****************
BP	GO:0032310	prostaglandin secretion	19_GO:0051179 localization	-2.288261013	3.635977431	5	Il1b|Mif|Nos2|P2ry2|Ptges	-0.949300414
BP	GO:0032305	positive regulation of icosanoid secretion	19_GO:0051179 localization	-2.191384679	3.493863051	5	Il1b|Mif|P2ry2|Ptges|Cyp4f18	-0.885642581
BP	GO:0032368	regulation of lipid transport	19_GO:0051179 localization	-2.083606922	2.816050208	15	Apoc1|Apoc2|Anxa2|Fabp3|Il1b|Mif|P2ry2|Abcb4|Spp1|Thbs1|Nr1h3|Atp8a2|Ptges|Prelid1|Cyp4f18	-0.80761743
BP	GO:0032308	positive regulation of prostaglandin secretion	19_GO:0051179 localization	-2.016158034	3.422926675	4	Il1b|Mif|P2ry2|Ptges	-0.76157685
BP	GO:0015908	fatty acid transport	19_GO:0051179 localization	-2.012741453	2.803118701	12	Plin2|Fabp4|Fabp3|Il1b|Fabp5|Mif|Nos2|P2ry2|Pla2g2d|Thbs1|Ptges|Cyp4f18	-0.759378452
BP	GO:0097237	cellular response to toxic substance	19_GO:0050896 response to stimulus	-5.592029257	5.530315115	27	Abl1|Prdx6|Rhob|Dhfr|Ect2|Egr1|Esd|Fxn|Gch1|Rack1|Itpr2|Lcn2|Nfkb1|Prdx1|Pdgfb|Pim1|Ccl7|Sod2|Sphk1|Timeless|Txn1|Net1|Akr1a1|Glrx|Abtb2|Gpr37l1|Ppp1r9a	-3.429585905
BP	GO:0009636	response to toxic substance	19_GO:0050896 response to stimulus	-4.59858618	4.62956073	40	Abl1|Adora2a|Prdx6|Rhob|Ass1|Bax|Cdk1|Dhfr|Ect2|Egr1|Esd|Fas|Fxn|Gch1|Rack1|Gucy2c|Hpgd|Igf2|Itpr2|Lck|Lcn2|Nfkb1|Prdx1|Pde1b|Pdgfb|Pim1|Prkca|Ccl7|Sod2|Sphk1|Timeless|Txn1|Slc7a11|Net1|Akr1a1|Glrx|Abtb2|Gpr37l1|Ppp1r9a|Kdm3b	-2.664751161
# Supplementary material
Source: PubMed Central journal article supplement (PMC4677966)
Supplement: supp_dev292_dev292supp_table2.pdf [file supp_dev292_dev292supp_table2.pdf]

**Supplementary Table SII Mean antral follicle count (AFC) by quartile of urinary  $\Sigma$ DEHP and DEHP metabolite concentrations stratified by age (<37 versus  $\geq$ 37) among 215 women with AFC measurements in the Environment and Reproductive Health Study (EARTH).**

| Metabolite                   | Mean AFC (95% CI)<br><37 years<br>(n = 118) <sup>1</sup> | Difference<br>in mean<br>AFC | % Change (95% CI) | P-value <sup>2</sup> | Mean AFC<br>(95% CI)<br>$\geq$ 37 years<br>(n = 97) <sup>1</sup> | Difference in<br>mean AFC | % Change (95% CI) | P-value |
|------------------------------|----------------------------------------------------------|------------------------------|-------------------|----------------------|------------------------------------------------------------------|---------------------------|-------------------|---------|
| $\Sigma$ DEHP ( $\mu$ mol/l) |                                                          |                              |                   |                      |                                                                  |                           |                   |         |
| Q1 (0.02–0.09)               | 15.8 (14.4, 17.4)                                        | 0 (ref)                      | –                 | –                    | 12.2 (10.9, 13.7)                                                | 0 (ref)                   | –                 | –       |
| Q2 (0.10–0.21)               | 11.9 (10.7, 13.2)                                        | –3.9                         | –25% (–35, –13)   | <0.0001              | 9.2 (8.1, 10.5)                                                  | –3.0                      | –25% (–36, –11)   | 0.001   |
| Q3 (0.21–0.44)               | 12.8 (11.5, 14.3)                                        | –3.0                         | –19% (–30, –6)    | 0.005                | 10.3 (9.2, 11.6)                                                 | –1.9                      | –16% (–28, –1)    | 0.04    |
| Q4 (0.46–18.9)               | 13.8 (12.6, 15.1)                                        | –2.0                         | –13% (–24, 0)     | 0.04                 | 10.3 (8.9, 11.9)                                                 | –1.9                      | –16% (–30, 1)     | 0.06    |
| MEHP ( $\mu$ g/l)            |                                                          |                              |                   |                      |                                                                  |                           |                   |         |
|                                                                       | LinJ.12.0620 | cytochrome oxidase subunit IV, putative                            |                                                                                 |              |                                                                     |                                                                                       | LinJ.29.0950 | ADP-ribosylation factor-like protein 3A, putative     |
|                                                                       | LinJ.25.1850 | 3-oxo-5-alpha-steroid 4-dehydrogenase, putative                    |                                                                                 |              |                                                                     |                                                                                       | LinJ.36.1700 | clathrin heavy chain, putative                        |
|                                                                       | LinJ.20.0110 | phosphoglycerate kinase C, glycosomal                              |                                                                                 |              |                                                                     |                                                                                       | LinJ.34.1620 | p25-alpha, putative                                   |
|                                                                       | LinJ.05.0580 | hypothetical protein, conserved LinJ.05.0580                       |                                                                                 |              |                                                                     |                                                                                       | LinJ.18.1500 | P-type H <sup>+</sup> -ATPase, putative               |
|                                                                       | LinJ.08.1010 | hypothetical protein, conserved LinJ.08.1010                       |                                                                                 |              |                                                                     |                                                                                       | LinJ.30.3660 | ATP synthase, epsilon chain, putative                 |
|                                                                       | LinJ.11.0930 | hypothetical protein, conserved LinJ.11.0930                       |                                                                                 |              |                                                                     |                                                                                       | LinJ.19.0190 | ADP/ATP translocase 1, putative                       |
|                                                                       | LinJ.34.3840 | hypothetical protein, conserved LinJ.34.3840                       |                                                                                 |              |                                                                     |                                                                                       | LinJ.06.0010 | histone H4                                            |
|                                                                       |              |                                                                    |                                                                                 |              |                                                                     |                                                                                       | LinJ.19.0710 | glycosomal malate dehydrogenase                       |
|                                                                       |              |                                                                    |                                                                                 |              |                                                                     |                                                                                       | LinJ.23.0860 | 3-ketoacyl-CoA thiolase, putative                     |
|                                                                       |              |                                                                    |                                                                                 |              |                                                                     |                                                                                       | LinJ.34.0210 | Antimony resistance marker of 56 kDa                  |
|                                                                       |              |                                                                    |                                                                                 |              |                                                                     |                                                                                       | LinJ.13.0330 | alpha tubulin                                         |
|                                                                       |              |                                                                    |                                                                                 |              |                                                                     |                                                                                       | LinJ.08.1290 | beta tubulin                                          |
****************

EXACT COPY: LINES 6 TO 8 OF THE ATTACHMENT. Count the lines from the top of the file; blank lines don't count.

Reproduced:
BP	GO:0097237	cellular response to toxic substance	19_GO:0050896 response to stimulus	-5.592029257	5.530315115	27	Abl1|Prdx6|Rhob|Dhfr|Ect2|Egr1|Esd|Fxn|Gch1|Rack1|Itpr2|Lcn2|Nfkb1|Prdx1|Pdgfb|Pim1|Ccl7|Sod2|Sphk1|Timeless|Txn1|Net1|Akr1a1|Glrx|Abtb2|Gpr37l1|Ppp1r9a	-3.429585905
BP	GO:0009636	response to toxic substance	19_GO:0050896 response to stimulus	-4.59858618	4.62956073	40	Abl1|Adora2a|Prdx6|Rhob|Ass1|Bax|Cdk1|Dhfr|Ect2|Egr1|Esd|Fas|Fxn|Gch1|Rack1|Gucy2c|Hpgd|Igf2|Itpr2|Lck|Lcn2|Nfkb1|Prdx1|Pde1b|Pdgfb|Pim1|Prkca|Ccl7|Sod2|Sphk1|Timeless|Txn1|Slc7a11|Net1|Akr1a1|Glrx|Abtb2|Gpr37l1|Ppp1r9a|Kdm3b	-2.664751161
# Supplementary material